). These values were normalized to islet pellet protein concentrations.
To measure islet ATP concentrations, ∼100 overnight-cultured islets were preincubated in KRBH/0.5% BSA for 60 min, then five islets for each treatment were pipetted into a 1.5-ml microfuge tube and incubated with 0.6 ml of KRBH/0.5% BSA with or without a stimulator (either 16.7 mm glucose, 10 mm leucine/2 mm glutamine, 10 mm KIC/2 mm glutamine, 10 mm dimethyl α-KG/2 mm glutamine) at 37 °C for 60 min. After pipetting 0.2 ml of buffer out for insulin assay, 0.4 ml of ice-cold 0.3 m perchloric acid was added to each tube, and the islets were briefly sonicated and centrifuged at 16,000 × g for 5 min. A 0.6-ml aliquot of supernatant was reserved and neutralized to ∼pH 7 with 60 μl of 3N KOH/25 mm MOPS. The supernatant was further diluted, and ATP concentration was measured using a Bioluminescent Assay kit (Sigma Aldrich).
To measure islet NADPH:NADP ratio, ∼200 overnight-cultured islets per test sample, were preincubated in KRBH/0.5% BSA for 60 min and incubated in a 1.5-ml microfuge tube with KRBH mixed with either 10 mm KIC/2 mm glutamine or basal buffer for 60 min. The incubation buffer was then quickly pipetted out, and the islets were washed once with cold KRBH without BSA and centrifuged at 100 × g for 15 s. After removing the buffer, the islets were homogenized in 90 μl of buffer containing 10 mm Tris, pH 8.1, 1% Nonidet P-40, 0.5 mm PMSF, and 0.5% Triton X-100 and centrifuged at 16,000 × g for 5 min. Forty microliters of supernatant were combined with 5 μl of 2 mm NaOH to destroy NADP+ (for NADPH assay) and 5 μl of 2 mm HCl to destroy NADPH (for NADP+ assay). The samples were then neutralized with 5 μl of 2 mm HCl and 5 μl of 2 mm NaOH, respectively. NADPH and NADP+ in islet extracts were measured using an enzymatic cycling assay as described previously in detail (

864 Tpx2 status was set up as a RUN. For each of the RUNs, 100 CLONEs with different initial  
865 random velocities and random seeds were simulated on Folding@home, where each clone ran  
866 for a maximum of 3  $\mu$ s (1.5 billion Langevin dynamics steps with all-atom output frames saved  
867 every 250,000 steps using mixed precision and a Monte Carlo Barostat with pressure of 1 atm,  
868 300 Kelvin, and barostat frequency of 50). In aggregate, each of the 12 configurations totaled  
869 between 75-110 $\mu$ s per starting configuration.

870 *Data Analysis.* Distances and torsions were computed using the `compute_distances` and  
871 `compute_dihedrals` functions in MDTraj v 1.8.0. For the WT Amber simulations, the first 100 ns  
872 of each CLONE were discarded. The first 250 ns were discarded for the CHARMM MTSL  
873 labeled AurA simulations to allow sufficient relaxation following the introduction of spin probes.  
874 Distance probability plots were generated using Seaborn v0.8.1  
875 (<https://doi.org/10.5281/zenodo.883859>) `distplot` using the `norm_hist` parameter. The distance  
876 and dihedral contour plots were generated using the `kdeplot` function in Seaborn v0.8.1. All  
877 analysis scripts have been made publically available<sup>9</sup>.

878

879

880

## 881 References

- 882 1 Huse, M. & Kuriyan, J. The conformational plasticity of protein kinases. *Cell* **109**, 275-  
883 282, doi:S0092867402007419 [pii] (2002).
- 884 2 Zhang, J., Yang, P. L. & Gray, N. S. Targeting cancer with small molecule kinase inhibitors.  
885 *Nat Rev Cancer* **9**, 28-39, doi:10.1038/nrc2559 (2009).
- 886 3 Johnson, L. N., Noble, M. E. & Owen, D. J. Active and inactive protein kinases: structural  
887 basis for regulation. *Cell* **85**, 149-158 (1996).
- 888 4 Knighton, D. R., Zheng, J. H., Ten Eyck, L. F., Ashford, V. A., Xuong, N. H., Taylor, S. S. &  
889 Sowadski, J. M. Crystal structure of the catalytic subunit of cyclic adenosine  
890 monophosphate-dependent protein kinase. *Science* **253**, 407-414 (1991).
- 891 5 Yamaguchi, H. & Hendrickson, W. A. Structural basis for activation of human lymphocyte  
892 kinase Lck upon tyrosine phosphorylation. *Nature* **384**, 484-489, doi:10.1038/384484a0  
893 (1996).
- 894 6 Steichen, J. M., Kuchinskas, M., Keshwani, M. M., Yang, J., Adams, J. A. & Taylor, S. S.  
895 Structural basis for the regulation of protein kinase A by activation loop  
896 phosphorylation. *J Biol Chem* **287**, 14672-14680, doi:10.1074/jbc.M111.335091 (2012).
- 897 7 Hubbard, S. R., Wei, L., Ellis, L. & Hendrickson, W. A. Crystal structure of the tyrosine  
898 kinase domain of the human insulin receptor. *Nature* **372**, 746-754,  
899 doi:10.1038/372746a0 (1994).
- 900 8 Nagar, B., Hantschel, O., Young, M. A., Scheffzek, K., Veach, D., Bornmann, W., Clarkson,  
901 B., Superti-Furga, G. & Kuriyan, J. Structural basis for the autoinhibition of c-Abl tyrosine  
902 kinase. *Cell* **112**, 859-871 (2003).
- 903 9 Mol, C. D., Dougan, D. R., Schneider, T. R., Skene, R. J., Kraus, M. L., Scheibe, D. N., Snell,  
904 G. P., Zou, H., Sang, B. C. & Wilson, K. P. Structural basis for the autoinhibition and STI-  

). NADPH and NADP+ standard curves were run in parallel with the samples to calculate NADPH:NADP+ ratios in islet samples.
To measure pancreatic insulin content, the whole pancreas was surgically removed, weighed, and homogenized with an extract solution containing 75% ethanol/1.5% acetate and further extracted overnight at 4 °C and diluted with phosphate-buffered saline for insulin assay using an ELISA kit (ALPCO). Insulin concentrations in samples from islet perifusion and pancreas perfusion were measured using a radioimmunoassay kit (Linco).